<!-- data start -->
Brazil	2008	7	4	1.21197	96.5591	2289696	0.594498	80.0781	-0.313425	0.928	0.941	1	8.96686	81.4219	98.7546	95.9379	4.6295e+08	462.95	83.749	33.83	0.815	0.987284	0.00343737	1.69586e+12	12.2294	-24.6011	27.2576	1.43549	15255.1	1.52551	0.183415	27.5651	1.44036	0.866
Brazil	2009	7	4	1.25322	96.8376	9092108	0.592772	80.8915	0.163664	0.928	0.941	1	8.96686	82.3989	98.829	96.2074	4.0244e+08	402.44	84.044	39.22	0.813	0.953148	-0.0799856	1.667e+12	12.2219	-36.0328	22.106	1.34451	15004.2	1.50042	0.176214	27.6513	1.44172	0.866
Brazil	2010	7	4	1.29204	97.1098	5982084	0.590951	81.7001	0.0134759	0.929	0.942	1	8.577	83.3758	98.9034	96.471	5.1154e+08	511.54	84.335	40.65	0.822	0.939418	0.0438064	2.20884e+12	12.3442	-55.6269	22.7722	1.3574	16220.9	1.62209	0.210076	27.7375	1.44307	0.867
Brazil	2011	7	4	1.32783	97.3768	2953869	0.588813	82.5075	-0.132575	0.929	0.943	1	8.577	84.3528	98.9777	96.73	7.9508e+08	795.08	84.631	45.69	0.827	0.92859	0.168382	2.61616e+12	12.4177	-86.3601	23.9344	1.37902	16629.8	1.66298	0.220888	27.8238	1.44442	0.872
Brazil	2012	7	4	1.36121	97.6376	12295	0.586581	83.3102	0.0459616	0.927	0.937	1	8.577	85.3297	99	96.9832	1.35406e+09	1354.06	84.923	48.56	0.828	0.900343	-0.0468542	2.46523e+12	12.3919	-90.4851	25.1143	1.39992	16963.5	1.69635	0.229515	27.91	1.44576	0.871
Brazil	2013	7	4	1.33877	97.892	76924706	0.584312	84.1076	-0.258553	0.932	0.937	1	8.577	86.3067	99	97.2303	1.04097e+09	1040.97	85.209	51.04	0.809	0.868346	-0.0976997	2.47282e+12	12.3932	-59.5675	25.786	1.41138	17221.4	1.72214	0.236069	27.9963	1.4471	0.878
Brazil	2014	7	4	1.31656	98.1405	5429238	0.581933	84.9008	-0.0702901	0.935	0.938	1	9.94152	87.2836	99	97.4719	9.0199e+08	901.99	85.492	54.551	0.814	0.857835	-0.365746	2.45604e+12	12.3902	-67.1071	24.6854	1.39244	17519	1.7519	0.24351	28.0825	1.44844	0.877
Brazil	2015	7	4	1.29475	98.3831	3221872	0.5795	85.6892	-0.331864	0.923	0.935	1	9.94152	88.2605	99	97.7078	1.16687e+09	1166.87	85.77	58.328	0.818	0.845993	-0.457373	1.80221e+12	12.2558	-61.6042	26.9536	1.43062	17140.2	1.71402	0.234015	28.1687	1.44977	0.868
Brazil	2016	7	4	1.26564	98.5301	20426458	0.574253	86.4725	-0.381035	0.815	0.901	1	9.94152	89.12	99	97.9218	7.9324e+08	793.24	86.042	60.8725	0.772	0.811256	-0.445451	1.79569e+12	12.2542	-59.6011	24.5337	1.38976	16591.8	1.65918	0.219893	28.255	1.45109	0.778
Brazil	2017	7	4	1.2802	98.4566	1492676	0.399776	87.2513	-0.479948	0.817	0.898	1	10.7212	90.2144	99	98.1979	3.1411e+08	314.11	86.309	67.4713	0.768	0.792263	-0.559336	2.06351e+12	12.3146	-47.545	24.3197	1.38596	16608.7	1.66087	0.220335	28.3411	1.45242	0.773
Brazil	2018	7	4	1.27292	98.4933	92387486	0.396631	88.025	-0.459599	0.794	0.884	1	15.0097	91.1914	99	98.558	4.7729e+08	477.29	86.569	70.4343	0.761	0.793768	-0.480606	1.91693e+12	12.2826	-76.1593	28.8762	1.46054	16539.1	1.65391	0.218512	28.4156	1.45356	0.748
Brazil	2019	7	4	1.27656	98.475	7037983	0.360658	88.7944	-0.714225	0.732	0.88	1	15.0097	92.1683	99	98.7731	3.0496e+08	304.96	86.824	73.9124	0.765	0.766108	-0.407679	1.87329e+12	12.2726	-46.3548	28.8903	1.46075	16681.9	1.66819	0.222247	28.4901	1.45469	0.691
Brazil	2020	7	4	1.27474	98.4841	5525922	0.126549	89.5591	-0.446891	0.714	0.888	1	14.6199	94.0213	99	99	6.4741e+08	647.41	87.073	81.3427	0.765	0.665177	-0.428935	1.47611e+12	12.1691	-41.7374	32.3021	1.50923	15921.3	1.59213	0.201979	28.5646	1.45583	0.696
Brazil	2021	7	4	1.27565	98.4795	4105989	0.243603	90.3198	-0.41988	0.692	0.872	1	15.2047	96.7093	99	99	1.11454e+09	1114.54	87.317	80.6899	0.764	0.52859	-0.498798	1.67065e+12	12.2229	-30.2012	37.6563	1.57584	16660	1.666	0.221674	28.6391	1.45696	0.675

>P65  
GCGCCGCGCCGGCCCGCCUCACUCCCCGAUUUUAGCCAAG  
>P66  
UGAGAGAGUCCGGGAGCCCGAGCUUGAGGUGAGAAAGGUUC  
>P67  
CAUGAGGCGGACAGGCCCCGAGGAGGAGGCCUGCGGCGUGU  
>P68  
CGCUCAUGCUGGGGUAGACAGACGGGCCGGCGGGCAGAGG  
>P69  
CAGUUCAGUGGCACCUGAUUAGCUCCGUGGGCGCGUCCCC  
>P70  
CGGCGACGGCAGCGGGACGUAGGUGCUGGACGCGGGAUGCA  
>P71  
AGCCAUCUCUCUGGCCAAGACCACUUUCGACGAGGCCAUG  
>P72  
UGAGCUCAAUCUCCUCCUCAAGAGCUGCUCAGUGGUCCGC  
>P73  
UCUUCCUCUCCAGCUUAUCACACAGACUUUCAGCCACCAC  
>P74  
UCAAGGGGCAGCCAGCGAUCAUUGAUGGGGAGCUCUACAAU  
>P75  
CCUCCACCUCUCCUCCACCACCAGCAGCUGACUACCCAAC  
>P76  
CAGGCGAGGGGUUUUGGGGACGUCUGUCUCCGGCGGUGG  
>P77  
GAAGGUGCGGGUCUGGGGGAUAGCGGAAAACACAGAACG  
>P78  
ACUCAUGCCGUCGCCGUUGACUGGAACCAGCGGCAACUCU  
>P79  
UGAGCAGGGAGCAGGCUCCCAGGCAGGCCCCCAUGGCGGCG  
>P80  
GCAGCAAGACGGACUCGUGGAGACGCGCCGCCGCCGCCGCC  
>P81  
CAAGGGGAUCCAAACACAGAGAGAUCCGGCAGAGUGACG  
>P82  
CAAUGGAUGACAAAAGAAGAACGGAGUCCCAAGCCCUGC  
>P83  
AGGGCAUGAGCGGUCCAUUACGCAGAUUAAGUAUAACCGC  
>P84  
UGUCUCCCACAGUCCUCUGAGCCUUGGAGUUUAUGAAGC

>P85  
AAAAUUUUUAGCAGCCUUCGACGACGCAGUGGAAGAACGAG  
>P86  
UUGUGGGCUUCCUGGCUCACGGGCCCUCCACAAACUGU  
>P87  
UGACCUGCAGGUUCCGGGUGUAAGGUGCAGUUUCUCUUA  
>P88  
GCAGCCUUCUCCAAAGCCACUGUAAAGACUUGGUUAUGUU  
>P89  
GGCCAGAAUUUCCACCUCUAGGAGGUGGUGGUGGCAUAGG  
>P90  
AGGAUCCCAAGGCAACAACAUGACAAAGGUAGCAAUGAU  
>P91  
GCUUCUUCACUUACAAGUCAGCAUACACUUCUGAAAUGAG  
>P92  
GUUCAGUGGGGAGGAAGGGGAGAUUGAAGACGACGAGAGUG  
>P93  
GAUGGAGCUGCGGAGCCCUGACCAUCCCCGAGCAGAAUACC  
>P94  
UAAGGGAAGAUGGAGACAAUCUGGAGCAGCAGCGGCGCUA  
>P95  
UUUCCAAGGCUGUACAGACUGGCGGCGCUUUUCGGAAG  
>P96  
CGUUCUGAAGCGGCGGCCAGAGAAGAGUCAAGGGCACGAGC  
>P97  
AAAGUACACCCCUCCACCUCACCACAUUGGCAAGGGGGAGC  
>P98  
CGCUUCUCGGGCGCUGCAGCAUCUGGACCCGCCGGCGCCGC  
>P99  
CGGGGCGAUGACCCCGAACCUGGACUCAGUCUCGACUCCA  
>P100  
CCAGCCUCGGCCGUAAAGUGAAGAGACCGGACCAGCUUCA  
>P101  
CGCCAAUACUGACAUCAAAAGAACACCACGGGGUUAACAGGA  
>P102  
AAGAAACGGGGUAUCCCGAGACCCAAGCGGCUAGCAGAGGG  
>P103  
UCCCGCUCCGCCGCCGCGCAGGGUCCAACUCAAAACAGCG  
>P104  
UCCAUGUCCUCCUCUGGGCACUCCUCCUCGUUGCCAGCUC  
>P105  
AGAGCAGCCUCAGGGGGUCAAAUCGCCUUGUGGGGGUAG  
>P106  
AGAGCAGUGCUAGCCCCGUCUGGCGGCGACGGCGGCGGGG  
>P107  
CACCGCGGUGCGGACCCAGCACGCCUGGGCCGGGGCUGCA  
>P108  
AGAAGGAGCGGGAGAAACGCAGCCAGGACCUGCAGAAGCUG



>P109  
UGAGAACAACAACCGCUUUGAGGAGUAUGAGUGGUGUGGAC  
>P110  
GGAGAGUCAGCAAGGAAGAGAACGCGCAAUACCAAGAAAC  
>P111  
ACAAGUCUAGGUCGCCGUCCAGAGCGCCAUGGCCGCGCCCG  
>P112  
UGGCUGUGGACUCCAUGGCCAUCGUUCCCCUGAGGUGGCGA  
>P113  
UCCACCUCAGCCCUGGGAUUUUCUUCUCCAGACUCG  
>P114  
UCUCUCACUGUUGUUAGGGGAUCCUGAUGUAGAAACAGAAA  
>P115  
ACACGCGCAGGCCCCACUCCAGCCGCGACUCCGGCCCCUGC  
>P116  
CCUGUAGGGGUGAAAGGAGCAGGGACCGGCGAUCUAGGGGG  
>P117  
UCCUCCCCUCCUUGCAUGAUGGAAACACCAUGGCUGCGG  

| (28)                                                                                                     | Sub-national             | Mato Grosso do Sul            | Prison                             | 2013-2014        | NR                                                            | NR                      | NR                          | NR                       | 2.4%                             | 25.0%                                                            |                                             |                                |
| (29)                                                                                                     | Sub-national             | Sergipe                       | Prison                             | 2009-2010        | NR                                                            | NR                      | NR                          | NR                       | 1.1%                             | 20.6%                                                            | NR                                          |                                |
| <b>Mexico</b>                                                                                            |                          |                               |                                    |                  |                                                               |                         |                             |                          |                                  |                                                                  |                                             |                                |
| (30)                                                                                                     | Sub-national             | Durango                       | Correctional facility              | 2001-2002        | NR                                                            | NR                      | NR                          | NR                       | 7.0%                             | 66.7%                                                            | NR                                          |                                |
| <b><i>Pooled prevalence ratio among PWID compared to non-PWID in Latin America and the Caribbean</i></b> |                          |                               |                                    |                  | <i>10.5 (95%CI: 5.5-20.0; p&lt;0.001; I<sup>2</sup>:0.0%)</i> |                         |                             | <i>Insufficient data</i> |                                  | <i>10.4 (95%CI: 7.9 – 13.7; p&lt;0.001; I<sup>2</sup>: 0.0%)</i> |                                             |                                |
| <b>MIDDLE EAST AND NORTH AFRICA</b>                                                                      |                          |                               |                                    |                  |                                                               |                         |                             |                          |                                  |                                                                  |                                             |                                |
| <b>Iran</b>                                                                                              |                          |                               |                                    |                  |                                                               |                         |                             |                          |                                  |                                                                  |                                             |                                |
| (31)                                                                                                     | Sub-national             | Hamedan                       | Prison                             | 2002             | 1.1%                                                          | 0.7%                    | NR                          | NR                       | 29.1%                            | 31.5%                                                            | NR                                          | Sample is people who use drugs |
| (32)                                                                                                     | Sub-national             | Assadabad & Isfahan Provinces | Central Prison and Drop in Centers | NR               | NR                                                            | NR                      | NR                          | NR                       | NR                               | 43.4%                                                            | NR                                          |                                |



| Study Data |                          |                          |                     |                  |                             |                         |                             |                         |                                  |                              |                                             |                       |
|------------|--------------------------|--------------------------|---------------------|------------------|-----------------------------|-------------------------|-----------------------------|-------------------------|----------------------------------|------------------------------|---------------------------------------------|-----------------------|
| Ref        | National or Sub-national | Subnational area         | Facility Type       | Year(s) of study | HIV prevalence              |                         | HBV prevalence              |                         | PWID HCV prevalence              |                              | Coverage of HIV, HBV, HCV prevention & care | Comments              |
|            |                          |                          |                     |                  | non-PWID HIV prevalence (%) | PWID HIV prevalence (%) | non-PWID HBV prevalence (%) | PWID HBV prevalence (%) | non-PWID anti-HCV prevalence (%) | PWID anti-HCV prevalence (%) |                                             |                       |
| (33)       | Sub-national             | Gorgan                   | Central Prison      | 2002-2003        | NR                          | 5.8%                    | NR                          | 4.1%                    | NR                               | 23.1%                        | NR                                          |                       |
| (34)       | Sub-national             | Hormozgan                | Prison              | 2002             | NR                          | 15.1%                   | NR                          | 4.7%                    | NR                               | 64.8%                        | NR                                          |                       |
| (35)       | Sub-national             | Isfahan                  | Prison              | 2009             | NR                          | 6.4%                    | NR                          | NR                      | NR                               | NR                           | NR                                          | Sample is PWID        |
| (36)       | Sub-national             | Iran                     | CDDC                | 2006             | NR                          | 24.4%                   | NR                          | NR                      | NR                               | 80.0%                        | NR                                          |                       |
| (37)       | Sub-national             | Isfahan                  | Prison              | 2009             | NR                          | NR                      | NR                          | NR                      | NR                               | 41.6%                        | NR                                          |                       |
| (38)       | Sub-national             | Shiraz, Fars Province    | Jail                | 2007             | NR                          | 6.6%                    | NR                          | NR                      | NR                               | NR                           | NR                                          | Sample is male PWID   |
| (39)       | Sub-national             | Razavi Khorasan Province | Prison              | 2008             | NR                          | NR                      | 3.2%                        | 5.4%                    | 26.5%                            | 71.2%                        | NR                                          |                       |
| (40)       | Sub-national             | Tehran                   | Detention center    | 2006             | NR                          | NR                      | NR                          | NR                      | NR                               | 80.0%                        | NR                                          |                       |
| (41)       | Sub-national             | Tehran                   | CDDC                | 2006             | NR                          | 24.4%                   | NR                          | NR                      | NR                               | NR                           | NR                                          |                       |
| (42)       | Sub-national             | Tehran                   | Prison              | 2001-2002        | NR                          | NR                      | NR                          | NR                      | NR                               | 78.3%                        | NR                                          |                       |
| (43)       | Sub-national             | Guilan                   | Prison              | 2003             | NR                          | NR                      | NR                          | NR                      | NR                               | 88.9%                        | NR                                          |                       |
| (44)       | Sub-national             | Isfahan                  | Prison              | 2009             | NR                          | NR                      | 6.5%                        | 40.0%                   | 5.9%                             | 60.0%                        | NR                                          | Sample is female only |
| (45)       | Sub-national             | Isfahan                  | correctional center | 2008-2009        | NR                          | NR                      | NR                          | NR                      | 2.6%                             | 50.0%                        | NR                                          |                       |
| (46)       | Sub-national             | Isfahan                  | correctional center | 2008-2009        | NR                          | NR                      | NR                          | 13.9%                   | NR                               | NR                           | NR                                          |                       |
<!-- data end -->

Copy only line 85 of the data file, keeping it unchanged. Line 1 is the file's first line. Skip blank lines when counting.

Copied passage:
>P100  